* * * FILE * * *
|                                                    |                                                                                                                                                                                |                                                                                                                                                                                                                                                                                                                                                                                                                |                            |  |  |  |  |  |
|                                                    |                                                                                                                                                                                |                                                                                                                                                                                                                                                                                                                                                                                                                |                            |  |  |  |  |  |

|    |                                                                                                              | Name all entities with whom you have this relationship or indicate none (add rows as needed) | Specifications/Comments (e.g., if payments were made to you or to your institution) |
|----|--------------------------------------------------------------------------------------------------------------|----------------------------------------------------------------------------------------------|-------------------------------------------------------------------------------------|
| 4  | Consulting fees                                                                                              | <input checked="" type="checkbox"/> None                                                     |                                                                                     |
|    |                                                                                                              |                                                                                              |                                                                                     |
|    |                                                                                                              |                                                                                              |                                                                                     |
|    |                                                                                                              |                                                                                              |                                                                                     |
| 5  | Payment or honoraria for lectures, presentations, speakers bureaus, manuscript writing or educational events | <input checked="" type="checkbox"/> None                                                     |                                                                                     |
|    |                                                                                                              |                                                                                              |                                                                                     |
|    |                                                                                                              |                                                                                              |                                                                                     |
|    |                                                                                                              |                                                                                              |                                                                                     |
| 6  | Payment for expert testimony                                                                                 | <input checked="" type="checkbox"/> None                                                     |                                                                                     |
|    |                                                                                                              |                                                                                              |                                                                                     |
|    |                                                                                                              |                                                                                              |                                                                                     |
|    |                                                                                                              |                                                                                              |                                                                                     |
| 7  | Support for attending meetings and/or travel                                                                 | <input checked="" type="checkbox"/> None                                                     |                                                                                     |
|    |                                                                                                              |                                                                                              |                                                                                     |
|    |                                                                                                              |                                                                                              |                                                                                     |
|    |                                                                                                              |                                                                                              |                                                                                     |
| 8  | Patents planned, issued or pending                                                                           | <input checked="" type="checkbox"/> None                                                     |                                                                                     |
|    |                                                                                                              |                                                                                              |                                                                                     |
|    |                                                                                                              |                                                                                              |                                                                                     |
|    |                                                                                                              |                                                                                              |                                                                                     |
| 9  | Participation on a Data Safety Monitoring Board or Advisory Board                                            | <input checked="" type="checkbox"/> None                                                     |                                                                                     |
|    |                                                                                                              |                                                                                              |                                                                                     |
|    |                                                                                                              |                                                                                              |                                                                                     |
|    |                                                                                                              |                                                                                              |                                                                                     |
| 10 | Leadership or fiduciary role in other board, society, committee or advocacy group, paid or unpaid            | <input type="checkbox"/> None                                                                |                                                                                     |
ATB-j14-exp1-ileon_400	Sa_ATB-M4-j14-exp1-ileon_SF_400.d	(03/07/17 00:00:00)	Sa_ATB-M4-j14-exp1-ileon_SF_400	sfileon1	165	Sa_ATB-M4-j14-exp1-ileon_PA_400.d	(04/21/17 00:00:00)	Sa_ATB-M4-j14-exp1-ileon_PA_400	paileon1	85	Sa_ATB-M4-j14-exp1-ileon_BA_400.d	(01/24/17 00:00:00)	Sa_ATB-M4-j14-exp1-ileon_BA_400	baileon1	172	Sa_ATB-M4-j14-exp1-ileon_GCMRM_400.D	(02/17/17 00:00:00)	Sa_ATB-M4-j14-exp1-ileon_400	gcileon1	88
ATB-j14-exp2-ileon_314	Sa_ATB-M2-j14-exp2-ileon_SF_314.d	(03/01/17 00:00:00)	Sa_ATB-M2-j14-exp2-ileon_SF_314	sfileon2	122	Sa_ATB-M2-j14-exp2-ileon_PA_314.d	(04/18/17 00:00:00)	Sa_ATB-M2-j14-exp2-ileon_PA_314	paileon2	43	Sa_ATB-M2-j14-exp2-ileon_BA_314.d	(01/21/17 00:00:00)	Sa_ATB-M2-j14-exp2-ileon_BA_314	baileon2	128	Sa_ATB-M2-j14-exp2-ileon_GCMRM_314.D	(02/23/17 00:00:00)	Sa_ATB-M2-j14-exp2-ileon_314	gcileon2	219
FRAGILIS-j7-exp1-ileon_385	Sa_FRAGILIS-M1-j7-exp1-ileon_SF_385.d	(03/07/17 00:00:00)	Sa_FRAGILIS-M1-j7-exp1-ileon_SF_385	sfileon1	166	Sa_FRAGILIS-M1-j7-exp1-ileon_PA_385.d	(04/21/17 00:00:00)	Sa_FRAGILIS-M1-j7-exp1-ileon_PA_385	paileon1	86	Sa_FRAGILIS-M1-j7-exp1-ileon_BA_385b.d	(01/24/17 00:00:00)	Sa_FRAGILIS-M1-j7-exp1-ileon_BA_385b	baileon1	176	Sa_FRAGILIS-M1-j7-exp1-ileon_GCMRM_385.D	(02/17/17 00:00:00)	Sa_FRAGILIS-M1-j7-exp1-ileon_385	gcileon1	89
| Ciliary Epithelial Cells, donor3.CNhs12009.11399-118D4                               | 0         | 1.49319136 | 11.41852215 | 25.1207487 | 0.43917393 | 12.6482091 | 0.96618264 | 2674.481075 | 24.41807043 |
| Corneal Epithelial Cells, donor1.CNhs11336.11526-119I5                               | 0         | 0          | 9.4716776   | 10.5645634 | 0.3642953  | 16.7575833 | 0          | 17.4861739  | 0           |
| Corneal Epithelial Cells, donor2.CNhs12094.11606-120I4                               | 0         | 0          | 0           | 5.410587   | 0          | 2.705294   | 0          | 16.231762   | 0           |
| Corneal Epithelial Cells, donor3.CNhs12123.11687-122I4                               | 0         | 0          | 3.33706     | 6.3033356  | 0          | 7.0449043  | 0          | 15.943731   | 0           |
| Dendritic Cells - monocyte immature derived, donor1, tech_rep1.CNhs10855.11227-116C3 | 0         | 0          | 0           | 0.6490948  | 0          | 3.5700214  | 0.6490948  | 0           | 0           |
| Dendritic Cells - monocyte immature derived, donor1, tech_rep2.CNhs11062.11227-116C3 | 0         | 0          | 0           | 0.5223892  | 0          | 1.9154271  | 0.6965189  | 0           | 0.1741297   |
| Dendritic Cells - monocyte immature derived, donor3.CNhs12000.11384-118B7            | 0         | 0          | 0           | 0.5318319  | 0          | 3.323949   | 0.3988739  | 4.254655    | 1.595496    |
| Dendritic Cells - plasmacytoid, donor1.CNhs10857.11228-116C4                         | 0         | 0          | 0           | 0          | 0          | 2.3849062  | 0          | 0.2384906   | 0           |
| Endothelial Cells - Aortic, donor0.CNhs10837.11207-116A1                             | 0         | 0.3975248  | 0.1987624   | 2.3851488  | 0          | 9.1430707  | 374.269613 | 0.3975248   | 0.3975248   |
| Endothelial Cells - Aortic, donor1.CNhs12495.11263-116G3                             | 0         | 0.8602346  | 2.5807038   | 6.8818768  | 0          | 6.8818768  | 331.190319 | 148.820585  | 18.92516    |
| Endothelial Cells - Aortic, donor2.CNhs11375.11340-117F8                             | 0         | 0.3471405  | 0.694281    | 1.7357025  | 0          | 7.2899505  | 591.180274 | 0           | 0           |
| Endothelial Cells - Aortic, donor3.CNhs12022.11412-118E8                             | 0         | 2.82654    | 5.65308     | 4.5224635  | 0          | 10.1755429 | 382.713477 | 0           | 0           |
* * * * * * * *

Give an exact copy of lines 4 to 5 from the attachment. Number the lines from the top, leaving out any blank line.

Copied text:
|----|--------------------------------------------------------------------------------------------------------------|----------------------------------------------------------------------------------------------|-------------------------------------------------------------------------------------|
| 4  | Consulting fees                                                                                              | <input checked="" type="checkbox"/> None                                                     |                                                                                     |